Back to school? Get ready for the bill - WALB.com, Albany News, Weather, Sports

Back to school? Get ready for the bill

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Lisandra DeJesus, VP of Student Affairs at Albany Tech Lisandra DeJesus, VP of Student Affairs at Albany Tech
Jarrod Savage is starting his second semester Jarrod Savage is starting his second semester
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ALBANY, GA (WALB) -

As students return to the classroom for a new semester, many are also returning to financial aid offices to make sure they're getting all the help they qualify for.

State and federal programs lend a helping hand to many folks trying to further their education. Officials say programs like the Hope scholarship and grant continue to be a vital part of higher education.

This week, many students have packed college admissions offices in south Georgia, trying to make sure their name is on the roster for this semester's classes.

"We've seen a lot of students come in to apply, complete their admissions application, take the compass entrance exam, and complete their financial aid," said Lisandra DeJesus, VP of Student Affairs at Albany Tech.

About 3,900 students have signed up for classes at Albany Tech. Most of them will get financial aid. "Over 95.96% of our students are eligible for at least one type of aid, financial aid," said DeJesus.

Jarrod Savage is starting his second semester at Albany Tech, where he is pursuing an Associates Degree in law enforcement technology. He is one of thousands of students who rely heavily on state and federal grants to put him through college.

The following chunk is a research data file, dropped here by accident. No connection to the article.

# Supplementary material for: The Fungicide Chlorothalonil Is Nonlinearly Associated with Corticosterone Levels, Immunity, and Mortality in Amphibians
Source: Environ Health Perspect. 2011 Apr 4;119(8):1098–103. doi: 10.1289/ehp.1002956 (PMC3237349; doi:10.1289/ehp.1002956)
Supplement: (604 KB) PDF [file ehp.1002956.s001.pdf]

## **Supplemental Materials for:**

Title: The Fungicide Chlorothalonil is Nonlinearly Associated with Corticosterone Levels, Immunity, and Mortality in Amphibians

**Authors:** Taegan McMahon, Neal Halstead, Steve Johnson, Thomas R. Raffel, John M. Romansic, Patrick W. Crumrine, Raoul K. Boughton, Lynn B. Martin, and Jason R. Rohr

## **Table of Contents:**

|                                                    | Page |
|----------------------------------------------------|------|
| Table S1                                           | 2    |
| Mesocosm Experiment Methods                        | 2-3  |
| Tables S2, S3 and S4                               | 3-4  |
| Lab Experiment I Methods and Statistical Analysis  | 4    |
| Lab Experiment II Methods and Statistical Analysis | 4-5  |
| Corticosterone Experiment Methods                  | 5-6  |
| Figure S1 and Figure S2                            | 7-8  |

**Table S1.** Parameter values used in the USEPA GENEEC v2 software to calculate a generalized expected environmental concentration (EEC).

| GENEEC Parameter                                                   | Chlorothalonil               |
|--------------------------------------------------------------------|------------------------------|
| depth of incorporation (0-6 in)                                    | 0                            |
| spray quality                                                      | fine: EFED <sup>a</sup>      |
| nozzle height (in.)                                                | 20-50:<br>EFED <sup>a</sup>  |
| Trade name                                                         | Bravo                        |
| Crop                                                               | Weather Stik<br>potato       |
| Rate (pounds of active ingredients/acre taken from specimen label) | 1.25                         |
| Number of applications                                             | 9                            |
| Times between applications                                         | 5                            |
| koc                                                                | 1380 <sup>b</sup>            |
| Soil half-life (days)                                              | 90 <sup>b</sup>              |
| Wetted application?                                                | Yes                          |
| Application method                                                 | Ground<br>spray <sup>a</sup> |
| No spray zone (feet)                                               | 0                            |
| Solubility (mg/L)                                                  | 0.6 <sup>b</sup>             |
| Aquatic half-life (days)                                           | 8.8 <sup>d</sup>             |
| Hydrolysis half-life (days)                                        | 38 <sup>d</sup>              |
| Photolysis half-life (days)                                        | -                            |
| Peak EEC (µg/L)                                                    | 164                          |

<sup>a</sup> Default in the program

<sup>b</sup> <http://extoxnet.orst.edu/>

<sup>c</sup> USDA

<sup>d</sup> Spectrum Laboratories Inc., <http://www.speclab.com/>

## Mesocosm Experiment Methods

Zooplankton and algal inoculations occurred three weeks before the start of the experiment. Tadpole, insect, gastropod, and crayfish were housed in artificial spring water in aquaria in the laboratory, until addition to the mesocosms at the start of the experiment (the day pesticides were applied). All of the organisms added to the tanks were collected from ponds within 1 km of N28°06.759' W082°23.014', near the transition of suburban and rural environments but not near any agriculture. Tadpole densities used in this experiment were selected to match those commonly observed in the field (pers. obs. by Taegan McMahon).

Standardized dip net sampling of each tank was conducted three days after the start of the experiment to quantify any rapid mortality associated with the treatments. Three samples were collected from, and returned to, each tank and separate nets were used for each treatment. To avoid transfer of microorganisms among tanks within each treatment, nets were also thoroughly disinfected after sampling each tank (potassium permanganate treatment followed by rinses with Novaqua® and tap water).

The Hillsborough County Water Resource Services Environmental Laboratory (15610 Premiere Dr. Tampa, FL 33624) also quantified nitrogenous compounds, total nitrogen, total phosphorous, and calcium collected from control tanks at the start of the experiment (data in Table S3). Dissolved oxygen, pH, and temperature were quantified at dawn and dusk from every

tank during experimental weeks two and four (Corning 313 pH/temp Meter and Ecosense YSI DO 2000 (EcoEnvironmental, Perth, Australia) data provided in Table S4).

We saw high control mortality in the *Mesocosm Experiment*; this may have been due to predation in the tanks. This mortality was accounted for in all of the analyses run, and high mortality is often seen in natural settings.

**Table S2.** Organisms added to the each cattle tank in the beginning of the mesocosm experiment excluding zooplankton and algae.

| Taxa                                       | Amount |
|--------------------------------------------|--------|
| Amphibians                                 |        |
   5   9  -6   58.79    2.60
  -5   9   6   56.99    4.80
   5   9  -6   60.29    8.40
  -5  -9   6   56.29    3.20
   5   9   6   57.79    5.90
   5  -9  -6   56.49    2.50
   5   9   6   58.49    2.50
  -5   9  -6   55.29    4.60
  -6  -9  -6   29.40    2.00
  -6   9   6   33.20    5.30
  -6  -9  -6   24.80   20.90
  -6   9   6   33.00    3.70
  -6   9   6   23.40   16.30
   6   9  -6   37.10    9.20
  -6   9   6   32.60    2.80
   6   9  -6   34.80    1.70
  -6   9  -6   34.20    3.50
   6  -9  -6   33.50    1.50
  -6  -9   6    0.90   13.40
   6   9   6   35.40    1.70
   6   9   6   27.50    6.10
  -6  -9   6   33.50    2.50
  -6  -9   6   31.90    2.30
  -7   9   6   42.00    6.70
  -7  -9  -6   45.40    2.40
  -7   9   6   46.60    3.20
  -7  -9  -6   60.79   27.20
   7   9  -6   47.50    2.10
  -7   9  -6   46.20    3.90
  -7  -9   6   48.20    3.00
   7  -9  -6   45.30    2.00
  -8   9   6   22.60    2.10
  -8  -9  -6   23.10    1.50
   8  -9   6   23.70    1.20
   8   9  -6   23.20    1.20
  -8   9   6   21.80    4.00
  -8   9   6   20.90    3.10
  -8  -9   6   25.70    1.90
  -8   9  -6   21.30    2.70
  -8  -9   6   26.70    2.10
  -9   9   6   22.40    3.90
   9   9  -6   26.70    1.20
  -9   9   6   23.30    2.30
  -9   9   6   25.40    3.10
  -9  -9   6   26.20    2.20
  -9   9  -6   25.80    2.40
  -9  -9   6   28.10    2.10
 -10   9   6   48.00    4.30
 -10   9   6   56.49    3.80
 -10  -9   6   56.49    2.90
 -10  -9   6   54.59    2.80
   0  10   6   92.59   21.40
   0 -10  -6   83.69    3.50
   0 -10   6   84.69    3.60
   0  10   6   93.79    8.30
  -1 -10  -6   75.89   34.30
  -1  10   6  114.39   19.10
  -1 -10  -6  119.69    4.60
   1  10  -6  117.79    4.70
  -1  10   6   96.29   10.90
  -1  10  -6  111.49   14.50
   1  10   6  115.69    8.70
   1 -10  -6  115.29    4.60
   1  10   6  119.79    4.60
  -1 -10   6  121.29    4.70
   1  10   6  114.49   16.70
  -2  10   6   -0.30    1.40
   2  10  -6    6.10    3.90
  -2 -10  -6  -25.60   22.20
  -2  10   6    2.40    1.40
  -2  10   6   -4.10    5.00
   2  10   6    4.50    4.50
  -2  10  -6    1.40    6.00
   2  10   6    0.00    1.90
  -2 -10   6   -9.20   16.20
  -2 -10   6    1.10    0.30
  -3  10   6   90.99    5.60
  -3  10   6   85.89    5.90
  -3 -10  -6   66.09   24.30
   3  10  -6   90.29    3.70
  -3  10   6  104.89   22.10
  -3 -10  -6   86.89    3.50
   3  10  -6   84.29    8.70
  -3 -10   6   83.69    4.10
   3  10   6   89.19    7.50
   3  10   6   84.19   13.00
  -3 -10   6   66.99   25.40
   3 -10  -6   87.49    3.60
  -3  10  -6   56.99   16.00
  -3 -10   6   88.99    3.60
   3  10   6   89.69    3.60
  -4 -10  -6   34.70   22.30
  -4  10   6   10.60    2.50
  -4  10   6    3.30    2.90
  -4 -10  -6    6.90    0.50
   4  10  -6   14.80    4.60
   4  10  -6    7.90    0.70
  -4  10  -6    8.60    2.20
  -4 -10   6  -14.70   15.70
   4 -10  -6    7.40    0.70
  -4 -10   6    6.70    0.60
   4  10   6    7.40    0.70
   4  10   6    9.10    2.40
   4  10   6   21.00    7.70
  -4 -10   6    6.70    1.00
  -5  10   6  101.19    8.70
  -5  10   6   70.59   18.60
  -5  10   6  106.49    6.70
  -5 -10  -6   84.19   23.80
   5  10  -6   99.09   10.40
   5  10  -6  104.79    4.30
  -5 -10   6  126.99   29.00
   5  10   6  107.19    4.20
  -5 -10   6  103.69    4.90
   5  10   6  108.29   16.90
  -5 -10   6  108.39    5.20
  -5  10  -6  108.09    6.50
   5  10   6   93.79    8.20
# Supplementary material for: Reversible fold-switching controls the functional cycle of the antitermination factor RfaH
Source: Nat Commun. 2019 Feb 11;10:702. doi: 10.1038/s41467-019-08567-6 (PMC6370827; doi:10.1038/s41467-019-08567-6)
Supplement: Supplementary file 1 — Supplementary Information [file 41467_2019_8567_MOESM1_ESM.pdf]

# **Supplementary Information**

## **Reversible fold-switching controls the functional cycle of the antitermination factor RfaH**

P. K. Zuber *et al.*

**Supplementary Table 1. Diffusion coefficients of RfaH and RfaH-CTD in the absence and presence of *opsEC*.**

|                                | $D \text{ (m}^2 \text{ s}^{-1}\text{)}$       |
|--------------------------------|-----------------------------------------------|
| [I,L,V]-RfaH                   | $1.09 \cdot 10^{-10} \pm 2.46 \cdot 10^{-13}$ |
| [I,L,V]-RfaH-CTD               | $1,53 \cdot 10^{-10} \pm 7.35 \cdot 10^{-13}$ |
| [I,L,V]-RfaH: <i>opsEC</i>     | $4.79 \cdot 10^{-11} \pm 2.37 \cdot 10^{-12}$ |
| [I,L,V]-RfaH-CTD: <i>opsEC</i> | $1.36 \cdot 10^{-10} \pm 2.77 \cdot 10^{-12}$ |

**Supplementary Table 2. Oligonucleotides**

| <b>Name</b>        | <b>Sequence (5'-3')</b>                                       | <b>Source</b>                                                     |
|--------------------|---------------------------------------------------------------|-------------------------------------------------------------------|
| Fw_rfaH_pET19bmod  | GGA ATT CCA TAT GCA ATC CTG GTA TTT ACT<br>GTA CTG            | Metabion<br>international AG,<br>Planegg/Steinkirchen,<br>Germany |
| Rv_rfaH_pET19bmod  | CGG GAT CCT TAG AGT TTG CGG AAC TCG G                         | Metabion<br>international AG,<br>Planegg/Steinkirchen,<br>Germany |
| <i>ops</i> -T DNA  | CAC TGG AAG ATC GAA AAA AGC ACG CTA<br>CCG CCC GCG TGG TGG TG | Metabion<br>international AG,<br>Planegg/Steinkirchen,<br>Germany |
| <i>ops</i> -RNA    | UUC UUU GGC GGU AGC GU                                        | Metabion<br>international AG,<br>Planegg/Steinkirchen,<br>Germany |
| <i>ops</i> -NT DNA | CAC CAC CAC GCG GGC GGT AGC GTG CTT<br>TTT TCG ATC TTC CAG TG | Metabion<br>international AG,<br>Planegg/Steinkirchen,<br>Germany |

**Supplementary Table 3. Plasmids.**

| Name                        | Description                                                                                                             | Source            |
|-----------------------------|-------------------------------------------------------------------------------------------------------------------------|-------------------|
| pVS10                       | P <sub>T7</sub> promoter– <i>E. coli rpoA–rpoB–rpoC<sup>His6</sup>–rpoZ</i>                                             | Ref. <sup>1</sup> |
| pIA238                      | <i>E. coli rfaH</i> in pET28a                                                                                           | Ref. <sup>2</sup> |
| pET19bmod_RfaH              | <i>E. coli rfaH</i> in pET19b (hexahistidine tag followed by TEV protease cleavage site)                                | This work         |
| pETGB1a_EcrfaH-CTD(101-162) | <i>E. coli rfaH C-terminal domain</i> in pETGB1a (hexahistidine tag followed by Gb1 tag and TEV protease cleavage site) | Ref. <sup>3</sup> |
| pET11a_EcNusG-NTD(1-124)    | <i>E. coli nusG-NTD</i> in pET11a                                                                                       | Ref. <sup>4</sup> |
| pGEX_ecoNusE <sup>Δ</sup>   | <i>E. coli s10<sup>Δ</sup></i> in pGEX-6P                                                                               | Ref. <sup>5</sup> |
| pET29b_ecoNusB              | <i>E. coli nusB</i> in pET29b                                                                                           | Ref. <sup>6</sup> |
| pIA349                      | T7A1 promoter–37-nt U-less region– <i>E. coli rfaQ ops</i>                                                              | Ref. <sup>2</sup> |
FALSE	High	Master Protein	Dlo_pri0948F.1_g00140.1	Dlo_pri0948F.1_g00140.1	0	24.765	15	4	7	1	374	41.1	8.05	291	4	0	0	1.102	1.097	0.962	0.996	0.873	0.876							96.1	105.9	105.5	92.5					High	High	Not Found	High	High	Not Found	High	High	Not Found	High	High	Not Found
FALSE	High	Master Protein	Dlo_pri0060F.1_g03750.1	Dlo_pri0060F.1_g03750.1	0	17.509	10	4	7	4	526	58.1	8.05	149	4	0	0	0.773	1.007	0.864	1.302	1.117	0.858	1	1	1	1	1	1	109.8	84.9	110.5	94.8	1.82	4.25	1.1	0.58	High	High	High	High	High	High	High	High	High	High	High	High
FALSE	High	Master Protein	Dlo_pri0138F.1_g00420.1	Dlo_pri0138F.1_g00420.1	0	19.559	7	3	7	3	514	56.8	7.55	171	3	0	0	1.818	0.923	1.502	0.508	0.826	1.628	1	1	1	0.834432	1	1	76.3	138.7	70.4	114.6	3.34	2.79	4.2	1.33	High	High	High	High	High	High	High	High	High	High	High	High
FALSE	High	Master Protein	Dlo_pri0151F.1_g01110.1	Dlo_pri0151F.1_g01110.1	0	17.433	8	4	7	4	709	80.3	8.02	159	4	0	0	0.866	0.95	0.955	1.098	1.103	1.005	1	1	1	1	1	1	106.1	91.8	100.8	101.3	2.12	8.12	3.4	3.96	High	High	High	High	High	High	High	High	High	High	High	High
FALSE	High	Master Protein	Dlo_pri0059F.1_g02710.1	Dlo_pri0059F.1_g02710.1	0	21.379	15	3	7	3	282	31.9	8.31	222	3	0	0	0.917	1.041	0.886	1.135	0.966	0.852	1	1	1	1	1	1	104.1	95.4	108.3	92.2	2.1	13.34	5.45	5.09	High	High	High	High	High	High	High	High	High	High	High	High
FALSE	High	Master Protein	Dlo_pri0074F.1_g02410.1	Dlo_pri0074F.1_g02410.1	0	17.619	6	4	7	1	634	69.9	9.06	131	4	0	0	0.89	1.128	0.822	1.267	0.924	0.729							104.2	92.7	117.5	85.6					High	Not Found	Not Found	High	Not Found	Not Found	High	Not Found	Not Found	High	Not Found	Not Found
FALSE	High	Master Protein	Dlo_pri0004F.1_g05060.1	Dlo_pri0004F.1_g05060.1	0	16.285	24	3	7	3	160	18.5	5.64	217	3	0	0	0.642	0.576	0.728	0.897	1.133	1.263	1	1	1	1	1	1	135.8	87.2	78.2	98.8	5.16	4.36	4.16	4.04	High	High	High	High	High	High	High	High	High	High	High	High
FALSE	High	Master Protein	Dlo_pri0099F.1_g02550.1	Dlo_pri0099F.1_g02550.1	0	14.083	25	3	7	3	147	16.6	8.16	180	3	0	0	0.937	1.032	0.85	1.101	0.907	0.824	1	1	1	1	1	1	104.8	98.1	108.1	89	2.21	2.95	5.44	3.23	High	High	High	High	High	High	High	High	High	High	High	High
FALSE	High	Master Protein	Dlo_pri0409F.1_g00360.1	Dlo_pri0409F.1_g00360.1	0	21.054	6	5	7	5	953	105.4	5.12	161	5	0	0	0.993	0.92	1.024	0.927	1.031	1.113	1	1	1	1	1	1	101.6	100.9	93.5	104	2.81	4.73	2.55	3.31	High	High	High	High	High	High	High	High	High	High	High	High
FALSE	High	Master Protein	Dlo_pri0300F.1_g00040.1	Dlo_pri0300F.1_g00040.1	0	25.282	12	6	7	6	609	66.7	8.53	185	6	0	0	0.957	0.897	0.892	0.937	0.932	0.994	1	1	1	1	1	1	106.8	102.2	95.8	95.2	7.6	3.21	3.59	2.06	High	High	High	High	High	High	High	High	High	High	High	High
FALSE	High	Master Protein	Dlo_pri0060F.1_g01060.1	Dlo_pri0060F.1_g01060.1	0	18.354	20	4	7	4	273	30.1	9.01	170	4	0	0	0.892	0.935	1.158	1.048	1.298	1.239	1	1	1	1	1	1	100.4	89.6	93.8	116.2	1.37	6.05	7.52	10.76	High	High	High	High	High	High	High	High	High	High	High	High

"I would have to pay for my own books, I would have to pay for classes, each semester and for mine that is actually around $1,200 a semester and that's a lot. It's just money that I don't have to pay out of pocket."

He says the state funded Hope grant and federally funded Pell Grant pay for all of his expenses. "HOPE is great. I love hope. Because without hope I would be having to pay pretty much everything out of pocket."

Officials say the financial aid makes college accessible for many students who wouldn't otherwise be able to afford it. "Our largest enrollment is in the diploma program. The diploma program is the first credential that most individuals pursue," said DeJesus.

And officials say despite recent requirement changes for Hope, Albany Tech has continued to see an increase in enrollment. Something that could translate into jobs for thousands of students in southwest Georgia.

Albany Tech says their 94% job placement rate continues to grow regardless of harsh economic times. The HOPE grant and scholarship requirements changed a couple of years ago, and now requires students to maintain a 3.0 GPA and apply for money within seven years of graduating high school.

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